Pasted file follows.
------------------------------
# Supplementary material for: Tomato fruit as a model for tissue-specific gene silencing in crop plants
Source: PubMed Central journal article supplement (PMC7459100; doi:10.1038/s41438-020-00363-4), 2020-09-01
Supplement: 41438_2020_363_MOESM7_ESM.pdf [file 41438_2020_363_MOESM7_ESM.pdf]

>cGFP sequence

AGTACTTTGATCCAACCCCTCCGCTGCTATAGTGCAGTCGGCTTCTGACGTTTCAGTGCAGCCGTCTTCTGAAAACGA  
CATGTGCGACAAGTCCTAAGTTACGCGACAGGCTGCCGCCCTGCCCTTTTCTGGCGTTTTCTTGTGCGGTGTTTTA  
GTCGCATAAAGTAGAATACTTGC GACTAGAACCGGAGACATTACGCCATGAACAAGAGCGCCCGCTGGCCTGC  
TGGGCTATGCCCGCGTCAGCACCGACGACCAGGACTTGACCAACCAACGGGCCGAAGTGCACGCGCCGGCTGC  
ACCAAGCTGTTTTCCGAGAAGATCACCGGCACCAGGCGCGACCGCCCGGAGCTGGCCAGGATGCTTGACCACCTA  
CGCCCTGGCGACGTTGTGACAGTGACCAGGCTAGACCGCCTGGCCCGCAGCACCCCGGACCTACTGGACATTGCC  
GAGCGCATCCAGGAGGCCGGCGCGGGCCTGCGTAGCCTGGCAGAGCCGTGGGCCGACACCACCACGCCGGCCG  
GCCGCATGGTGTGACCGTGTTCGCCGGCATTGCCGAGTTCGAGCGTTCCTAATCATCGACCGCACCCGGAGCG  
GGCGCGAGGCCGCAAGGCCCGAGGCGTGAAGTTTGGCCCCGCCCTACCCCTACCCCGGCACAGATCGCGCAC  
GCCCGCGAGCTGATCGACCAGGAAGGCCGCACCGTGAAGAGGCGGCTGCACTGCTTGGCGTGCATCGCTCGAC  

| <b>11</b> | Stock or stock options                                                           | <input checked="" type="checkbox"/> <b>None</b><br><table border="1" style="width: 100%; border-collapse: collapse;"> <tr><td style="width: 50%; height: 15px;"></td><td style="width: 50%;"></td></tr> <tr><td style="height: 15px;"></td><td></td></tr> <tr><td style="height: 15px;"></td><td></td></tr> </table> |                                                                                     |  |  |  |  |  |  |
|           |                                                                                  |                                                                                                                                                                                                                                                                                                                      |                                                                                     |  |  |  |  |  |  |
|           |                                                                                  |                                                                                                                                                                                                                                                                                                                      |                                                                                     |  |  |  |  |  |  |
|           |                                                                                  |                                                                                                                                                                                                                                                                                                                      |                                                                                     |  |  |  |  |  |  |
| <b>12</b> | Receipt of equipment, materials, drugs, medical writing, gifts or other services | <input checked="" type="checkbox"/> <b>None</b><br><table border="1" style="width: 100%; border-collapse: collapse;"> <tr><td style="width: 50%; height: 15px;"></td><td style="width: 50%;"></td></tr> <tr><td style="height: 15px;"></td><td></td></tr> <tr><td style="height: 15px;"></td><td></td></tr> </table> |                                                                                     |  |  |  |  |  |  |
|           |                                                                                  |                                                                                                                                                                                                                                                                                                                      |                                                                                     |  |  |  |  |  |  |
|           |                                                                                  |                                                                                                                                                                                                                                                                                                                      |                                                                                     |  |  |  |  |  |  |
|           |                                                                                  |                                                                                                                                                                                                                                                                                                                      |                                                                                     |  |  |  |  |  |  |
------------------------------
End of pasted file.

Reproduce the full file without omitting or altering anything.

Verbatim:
# Supplementary material for: Tomato fruit as a model for tissue-specific gene silencing in crop plants
Source: PubMed Central journal article supplement (PMC7459100; doi:10.1038/s41438-020-00363-4), 2020-09-01
Supplement: 41438_2020_363_MOESM7_ESM.pdf [file 41438_2020_363_MOESM7_ESM.pdf]

>cGFP sequence

AGTACTTTGATCCAACCCCTCCGCTGCTATAGTGCAGTCGGCTTCTGACGTTTCAGTGCAGCCGTCTTCTGAAAACGA  
CATGTGCGACAAGTCCTAAGTTACGCGACAGGCTGCCGCCCTGCCCTTTTCTGGCGTTTTCTTGTGCGGTGTTTTA  
GTCGCATAAAGTAGAATACTTGC GACTAGAACCGGAGACATTACGCCATGAACAAGAGCGCCCGCTGGCCTGC  
TGGGCTATGCCCGCGTCAGCACCGACGACCAGGACTTGACCAACCAACGGGCCGAAGTGCACGCGCCGGCTGC  
ACCAAGCTGTTTTCCGAGAAGATCACCGGCACCAGGCGCGACCGCCCGGAGCTGGCCAGGATGCTTGACCACCTA  
CGCCCTGGCGACGTTGTGACAGTGACCAGGCTAGACCGCCTGGCCCGCAGCACCCCGGACCTACTGGACATTGCC  
GAGCGCATCCAGGAGGCCGGCGCGGGCCTGCGTAGCCTGGCAGAGCCGTGGGCCGACACCACCACGCCGGCCG  
GCCGCATGGTGTGACCGTGTTCGCCGGCATTGCCGAGTTCGAGCGTTCCTAATCATCGACCGCACCCGGAGCG  
GGCGCGAGGCCGCAAGGCCCGAGGCGTGAAGTTTGGCCCCGCCCTACCCCTACCCCGGCACAGATCGCGCAC  
GCCCGCGAGCTGATCGACCAGGAAGGCCGCACCGTGAAGAGGCGGCTGCACTGCTTGGCGTGCATCGCTCGAC  

| <b>11</b> | Stock or stock options                                                           | <input checked="" type="checkbox"/> <b>None</b><br><table border="1" style="width: 100%; border-collapse: collapse;"> <tr><td style="width: 50%; height: 15px;"></td><td style="width: 50%;"></td></tr> <tr><td style="height: 15px;"></td><td></td></tr> <tr><td style="height: 15px;"></td><td></td></tr> </table> |                                                                                     |  |  |  |  |  |  |
|           |                                                                                  |                                                                                                                                                                                                                                                                                                                      |                                                                                     |  |  |  |  |  |  |
|           |                                                                                  |                                                                                                                                                                                                                                                                                                                      |                                                                                     |  |  |  |  |  |  |
|           |                                                                                  |                                                                                                                                                                                                                                                                                                                      |                                                                                     |  |  |  |  |  |  |
| <b>12</b> | Receipt of equipment, materials, drugs, medical writing, gifts or other services | <input checked="" type="checkbox"/> <b>None</b><br><table border="1" style="width: 100%; border-collapse: collapse;"> <tr><td style="width: 50%; height: 15px;"></td><td style="width: 50%;"></td></tr> <tr><td style="height: 15px;"></td><td></td></tr> <tr><td style="height: 15px;"></td><td></td></tr> </table> |                                                                                     |  |  |  |  |  |  |
|           |                                                                                  |                                                                                                                                                                                                                                                                                                                      |                                                                                     |  |  |  |  |  |  |
|           |                                                                                  |                                                                                                                                                                                                                                                                                                                      |                                                                                     |  |  |  |  |  |  |
|           |                                                                                  |                                                                                                                                                                                                                                                                                                                      |                                                                                     |  |  |  |  |  |  |